Social media sites offer fashion companies a new avenue to connect with consumers and cultivate loyalty and brand identity. But while creating an account and posting content is a simple matter of a few clicks, participating in social media sites poses a host of complex intellectual property issues. For example, imagine that Jane owns a high-end clothing shop called Boutique. Jane has just received a shipment of new paisley print blouses from the up-and-coming designer Blasée. Jane asks her friend Jim to find a stylish young woman on the street wearing the Blasée blouse and take her picture. Jim spots Sally crossing the street wearing the Blasée blouse paired with skinny jeans, and snaps a photograph. Jane posts Jim’s photo to Pinterest with the caption “You, too, can have stylish street style: Blasée blouses available at Boutique.” Whether Jane knows it, her Pinterest post has implicated a host of intellectual property rights:

Copyright: As the photographer, Jim presumably owns the copyright in his photograph. The designer, Blasée, may own a copyright in the distinct paisley fabric print of its blouse (though under current law Blasée would not have a copyright in the blouse’s design). By posting the photograph to Pinterest, Jane reproduces both the photograph and the fabric print, and thus implicates both Jim and Blasée’s exclusive rights.

Trademark: Regardless of whether Blasée has a registered trademark, it likely has common law trademark rights in its brand name. By using Blasée’s name in the Pinterest caption, Jane touches upon its trademark rights. However, under the doctrine of “nominative fair use,” Jane is permitted to use Blasée’s trademark to truthfully describe the fact she is selling its blouses at Boutique. Nominative fair use derives from free speech principles, and from the logic that it is often difficult to describe brand-name goods without referring to the brand itself.

Right of Publicity: Even though Sally is not famous, she still has a right of publicity, i.e. she controls the right to exploit her name and likeness for commercial purposes. By posting the photograph of Sally on Pinterest, without her permission, to promote the Blasée blouse, Jane has implicated Sally’s right of publicity.

Additionally, Jane’s Pinterest post must also must be viewed in light of Pinterest’s Business Terms of Service. By signing these Terms, Jane:

  1. represented that her post “will not violate any law or infringe the rights of any third party[,]” but, in the case of the photograph, Jane did not secure permission from Jim, Blasée, or Sally to use their intellectual property as summarized above;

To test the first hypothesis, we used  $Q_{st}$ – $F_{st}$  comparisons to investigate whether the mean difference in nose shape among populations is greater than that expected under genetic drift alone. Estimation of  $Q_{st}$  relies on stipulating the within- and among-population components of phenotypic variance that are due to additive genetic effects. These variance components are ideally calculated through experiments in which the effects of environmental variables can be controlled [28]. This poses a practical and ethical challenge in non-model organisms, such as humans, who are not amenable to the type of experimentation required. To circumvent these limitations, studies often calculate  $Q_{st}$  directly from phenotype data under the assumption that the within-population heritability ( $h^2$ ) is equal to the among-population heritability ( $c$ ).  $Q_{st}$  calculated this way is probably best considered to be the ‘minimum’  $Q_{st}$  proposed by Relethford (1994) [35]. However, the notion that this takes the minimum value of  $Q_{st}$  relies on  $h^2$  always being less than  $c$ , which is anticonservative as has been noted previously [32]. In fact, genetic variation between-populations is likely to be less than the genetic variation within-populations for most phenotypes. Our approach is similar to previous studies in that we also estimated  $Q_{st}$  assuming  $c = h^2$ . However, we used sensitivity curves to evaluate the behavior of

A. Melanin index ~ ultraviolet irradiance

2. “grant[ed] Pinterest and its users a non-exclusive, royalty-free, transferable, sublicensable, worldwide license to use, store, display, reproduce, re-pin, modify, create derivative works, perform, and distribute” the content she posts, which means that when Jane pinned the photograph to Pinterest, she gave others the right to re-pin it, and she effectively lost control over it because she cannot remove others’ re-pins; and
  3. agreed that she was “solely responsible for, the User Content [she] posts to Pinterest[,]” and thus any liability resulting from Jane’s original post or others’ re-pins could flow back to Jane.

The potential intellectual property risks from posting on Pinterest are evident from this example, but the reality is more complicated: Although Jim owns the copyright in the photograph, if he is Jane’s close friend, what is the likelihood he will sue her? Will Blasée sue Jane for reproducing its fabric design, when Jane is doing so to promote sales of Blasée’s blouse? How likely is it that Sally will sue for violation of her right of publicity, when she has been photographed in a flattering light, and held up as an example of stylish street style? And in addition to these practical considerations, Jane may have legal affirmative defenses such as fair use.

Perhaps the best advice for those who use social media in the fashion industry (as well as other walks of life), is (1) be aware of who owns the intellectual property rights in the content you are considering posting, and (2) remember that certain content, such as a photograph, can implicate multiple rights belonging to multiple owners. With this knowledge, social media users can decide what to post (or not to post) in light of their own risk tolerance.